According to the Bureau of Labor Statistics, employment of speech pathologists is expected to increase 19 percent between 2008 and 2018. Although speech, language and hearing professionals often work in health care settings, there is a growing need in schools as student enrollment and special education needs increase.
Speech therapists, or speech-language pathologists, work in a variety of settings including hospitals, nursing facilities, schools and private offices. They work with individuals who have difficulties or disorders involving their ability to talk or even swallow. They also help people that have voice problems and those that have communicative impairments. According to the Bureau of Labor Statistics, it is the responsibility of a speech therapist to develop a treatment plan for these patients that will improve their understanding of language, their ability to communicate and physically strengthen muscles involved in speech.
Individuals interested in a career as a speech therapist will need to earn a Master's degree in speech pathology. Most states require licensure of speech pathologists, so they must meet the requirements developed by their state's board. In addition to the graduate degree, states typically require speech therapists to complete extensive clinical experiences and a national examination. Additional requirements may need to be met to work as a speech pathologist in a school setting. Prospective therapists should check with their state's board of education if they are interested in a career in an academic setting.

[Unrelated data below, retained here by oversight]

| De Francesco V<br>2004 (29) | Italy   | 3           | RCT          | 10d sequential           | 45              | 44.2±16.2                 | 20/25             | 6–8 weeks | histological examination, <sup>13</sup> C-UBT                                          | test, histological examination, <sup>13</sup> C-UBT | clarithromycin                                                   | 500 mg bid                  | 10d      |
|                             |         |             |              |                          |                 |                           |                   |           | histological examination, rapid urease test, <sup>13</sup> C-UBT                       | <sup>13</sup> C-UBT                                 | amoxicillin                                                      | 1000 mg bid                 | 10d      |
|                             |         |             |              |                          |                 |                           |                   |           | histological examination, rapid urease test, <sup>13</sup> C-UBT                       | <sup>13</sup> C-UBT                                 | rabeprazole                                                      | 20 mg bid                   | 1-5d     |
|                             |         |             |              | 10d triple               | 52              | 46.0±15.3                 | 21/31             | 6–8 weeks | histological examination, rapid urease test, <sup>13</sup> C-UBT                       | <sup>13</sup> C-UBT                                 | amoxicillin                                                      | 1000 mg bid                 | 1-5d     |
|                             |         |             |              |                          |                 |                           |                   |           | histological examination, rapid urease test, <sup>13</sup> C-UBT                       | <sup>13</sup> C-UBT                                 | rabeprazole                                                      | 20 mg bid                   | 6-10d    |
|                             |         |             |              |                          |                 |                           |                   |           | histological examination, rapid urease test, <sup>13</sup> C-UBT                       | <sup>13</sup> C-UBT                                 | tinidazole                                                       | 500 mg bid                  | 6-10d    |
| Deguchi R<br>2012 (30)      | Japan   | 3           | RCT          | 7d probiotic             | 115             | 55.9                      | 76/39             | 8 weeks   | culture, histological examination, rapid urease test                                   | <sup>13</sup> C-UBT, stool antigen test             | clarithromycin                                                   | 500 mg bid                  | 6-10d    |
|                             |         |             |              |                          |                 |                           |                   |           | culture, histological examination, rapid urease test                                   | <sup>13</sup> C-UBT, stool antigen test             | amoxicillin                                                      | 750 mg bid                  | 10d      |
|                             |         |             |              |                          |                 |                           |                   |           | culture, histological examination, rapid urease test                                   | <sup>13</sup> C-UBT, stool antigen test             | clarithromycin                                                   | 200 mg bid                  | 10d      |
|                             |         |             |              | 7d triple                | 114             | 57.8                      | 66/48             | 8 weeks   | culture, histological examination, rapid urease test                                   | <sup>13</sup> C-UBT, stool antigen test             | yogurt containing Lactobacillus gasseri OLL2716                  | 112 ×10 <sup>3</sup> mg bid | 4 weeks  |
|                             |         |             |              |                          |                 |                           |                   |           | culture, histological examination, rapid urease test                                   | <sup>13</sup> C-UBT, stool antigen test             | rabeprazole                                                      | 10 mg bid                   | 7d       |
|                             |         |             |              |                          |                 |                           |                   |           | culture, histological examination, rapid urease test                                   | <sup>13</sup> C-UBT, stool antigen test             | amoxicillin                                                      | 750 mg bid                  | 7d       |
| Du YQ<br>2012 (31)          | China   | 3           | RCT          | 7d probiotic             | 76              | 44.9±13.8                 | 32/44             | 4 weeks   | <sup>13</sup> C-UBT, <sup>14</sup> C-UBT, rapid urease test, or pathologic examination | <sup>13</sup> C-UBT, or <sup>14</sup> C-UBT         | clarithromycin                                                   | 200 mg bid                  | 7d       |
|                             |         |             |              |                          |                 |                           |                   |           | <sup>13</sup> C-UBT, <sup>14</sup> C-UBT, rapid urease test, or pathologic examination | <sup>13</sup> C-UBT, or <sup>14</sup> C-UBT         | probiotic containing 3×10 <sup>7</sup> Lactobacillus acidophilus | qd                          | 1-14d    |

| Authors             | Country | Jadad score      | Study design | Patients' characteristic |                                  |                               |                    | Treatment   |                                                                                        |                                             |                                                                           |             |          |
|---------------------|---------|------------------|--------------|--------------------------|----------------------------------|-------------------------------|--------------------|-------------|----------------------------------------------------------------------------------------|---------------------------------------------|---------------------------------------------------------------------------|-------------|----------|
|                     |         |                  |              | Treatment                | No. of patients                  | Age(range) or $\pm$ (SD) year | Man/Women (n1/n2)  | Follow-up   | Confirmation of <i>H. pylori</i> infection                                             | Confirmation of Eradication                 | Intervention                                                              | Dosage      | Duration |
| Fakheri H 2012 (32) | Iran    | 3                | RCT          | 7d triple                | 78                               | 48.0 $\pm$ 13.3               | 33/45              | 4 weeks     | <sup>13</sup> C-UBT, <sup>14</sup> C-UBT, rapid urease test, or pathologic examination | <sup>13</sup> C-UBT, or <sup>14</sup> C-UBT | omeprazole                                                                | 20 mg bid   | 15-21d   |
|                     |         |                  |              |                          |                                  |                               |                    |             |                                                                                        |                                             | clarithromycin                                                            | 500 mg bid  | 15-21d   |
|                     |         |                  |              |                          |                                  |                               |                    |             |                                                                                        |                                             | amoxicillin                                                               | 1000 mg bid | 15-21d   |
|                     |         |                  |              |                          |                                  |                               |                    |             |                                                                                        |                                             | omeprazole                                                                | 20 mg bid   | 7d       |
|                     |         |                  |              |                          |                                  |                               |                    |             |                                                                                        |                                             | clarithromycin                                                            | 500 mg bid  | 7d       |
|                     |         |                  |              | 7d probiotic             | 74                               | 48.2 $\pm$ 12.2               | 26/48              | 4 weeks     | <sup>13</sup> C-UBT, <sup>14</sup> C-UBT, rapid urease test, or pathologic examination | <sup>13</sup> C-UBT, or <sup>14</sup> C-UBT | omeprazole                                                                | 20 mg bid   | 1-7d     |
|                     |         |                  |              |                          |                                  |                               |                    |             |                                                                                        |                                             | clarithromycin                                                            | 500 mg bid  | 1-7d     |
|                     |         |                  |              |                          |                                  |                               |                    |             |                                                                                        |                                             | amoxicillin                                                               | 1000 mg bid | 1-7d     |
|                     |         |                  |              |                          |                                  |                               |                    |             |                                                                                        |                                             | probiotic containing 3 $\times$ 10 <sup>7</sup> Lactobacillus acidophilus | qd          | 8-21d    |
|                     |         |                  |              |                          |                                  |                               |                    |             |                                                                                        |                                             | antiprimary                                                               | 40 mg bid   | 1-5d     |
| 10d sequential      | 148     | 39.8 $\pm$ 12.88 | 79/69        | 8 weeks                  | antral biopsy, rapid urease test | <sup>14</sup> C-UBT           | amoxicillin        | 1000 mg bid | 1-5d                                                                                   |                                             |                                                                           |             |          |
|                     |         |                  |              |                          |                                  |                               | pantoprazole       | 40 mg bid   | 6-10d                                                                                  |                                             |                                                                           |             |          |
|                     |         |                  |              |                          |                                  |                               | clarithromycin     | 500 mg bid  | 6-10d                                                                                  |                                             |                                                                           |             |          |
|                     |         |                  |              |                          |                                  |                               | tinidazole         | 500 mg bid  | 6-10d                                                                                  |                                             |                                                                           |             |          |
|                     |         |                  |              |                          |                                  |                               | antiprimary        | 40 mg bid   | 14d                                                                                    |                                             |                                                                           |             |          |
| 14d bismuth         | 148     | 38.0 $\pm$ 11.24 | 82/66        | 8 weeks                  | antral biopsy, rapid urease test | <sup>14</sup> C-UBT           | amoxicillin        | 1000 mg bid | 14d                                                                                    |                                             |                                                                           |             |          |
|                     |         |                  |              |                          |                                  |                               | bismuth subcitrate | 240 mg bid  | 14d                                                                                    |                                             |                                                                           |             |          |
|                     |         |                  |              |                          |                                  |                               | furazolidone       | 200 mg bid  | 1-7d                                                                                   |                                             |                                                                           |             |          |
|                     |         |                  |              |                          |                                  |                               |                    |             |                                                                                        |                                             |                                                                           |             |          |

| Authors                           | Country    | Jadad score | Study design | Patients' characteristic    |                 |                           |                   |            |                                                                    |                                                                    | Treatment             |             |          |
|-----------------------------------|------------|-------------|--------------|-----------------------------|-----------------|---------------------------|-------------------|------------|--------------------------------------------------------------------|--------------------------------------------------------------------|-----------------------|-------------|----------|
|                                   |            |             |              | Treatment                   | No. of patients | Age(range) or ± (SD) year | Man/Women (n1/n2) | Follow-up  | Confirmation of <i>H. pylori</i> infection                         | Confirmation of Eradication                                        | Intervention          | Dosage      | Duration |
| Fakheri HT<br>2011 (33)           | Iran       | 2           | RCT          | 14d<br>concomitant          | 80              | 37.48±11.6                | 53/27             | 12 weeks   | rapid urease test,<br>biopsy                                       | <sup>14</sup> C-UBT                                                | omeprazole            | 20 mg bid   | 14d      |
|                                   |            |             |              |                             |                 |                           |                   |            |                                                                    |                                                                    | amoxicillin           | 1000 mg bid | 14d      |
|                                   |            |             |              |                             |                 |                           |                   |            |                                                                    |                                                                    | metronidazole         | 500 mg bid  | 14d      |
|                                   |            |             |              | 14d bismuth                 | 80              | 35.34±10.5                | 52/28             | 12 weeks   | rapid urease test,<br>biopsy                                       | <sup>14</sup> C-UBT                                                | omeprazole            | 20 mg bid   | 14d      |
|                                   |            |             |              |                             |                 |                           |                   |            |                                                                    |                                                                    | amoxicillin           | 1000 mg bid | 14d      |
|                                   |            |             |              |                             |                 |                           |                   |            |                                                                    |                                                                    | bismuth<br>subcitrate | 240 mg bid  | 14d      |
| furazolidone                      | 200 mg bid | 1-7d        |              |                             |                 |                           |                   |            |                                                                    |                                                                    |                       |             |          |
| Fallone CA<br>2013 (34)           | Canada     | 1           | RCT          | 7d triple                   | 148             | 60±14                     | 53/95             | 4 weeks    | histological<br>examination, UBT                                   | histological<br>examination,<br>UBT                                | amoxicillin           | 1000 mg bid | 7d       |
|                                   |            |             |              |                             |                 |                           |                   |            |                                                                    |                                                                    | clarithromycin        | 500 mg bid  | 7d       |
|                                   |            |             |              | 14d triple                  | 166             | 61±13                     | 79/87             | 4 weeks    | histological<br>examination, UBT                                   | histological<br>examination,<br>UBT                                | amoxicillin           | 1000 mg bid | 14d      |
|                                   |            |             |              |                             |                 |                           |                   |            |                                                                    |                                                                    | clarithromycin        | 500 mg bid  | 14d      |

Speech Therapy Assistants
Speech therapy assistants provide support for speech pathologists. They may be assigned a variety of duties including clerical work and assisting with speech therapy treatments. Assistants document patient performance during sessions and prepare materials or records. They also may be permitted to assist with hearing and language screenings or work with patients under the supervision of the speech pathologist.
According to the American Speech-Language-Hearing Association, not all states allow speech pathologists to utilize the services of an assistant. Other states have developed their own requirements for practice, so it is important for those interested in this career to check with their state's speech-language-hearing licensing board. Speech therapy assistants typically need a two-year associate's degree to work in the field.
Although audiologists work primarily with patients with hearing or balance disorders, they must have an understanding of speech pathology as well. In addition, audiologists are licensed by the same state boards as speech therapists. They are trained to use special equipment that allows them to determine patients' ability to hear and at what degree of volume.
State licensing boards require varying qualifications for audiologists seeking licensure. Graduate degrees in audiology are required and will include coursework in both normal and abnormal speech or communication, according to the Bureau of Labor Statistics. The American Speech-Language-Hearing Association reports that an increasing number of states require doctorates to practice as a licensed audiologist. They will also complete extensive clinical experiences.
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